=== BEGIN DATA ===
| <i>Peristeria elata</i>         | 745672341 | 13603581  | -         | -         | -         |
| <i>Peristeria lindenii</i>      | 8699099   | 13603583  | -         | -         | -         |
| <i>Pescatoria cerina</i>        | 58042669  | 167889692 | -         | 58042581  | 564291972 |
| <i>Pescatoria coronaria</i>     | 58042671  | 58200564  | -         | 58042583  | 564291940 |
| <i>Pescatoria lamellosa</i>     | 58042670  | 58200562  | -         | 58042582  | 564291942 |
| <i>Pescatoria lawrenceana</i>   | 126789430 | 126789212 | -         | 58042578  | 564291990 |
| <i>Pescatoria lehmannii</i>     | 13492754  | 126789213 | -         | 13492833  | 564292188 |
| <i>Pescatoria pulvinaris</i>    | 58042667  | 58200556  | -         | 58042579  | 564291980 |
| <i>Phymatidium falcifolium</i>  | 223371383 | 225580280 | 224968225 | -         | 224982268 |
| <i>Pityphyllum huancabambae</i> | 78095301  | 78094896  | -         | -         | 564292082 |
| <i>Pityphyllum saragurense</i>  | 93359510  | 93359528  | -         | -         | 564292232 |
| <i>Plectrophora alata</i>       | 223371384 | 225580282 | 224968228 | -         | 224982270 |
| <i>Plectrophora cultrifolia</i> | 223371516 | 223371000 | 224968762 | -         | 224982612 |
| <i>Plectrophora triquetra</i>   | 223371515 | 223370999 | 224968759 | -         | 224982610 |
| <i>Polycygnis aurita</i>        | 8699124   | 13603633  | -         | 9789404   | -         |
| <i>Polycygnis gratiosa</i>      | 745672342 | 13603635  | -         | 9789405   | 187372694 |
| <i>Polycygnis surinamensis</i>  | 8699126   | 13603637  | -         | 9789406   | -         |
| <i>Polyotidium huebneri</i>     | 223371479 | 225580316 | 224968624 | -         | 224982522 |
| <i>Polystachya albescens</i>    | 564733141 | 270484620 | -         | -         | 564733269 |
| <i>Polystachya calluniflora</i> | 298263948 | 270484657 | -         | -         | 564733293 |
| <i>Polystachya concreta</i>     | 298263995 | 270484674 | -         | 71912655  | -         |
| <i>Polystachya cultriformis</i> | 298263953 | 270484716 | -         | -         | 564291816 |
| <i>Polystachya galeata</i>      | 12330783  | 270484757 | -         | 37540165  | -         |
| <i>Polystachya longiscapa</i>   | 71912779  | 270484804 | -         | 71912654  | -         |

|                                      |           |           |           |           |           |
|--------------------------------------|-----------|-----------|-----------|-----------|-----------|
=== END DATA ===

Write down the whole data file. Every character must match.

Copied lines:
| <i>Peristeria elata</i>         | 745672341 | 13603581  | -         | -         | -         |
| <i>Peristeria lindenii</i>      | 8699099   | 13603583  | -         | -         | -         |
| <i>Pescatoria cerina</i>        | 58042669  | 167889692 | -         | 58042581  | 564291972 |
| <i>Pescatoria coronaria</i>     | 58042671  | 58200564  | -         | 58042583  | 564291940 |
| <i>Pescatoria lamellosa</i>     | 58042670  | 58200562  | -         | 58042582  | 564291942 |
| <i>Pescatoria lawrenceana</i>   | 126789430 | 126789212 | -         | 58042578  | 564291990 |
| <i>Pescatoria lehmannii</i>     | 13492754  | 126789213 | -         | 13492833  | 564292188 |
| <i>Pescatoria pulvinaris</i>    | 58042667  | 58200556  | -         | 58042579  | 564291980 |
| <i>Phymatidium falcifolium</i>  | 223371383 | 225580280 | 224968225 | -         | 224982268 |
| <i>Pityphyllum huancabambae</i> | 78095301  | 78094896  | -         | -         | 564292082 |
| <i>Pityphyllum saragurense</i>  | 93359510  | 93359528  | -         | -         | 564292232 |
| <i>Plectrophora alata</i>       | 223371384 | 225580282 | 224968228 | -         | 224982270 |
| <i>Plectrophora cultrifolia</i> | 223371516 | 223371000 | 224968762 | -         | 224982612 |
| <i>Plectrophora triquetra</i>   | 223371515 | 223370999 | 224968759 | -         | 224982610 |
| <i>Polycygnis aurita</i>        | 8699124   | 13603633  | -         | 9789404   | -         |
| <i>Polycygnis gratiosa</i>      | 745672342 | 13603635  | -         | 9789405   | 187372694 |
| <i>Polycygnis surinamensis</i>  | 8699126   | 13603637  | -         | 9789406   | -         |
| <i>Polyotidium huebneri</i>     | 223371479 | 225580316 | 224968624 | -         | 224982522 |
| <i>Polystachya albescens</i>    | 564733141 | 270484620 | -         | -         | 564733269 |
| <i>Polystachya calluniflora</i> | 298263948 | 270484657 | -         | -         | 564733293 |
| <i>Polystachya concreta</i>     | 298263995 | 270484674 | -         | 71912655  | -         |
| <i>Polystachya cultriformis</i> | 298263953 | 270484716 | -         | -         | 564291816 |
| <i>Polystachya galeata</i>      | 12330783  | 270484757 | -         | 37540165  | -         |
| <i>Polystachya longiscapa</i>   | 71912779  | 270484804 | -         | 71912654  | -         |

|                                      |           |           |           |           |           |
|--------------------------------------|-----------|-----------|-----------|-----------|-----------|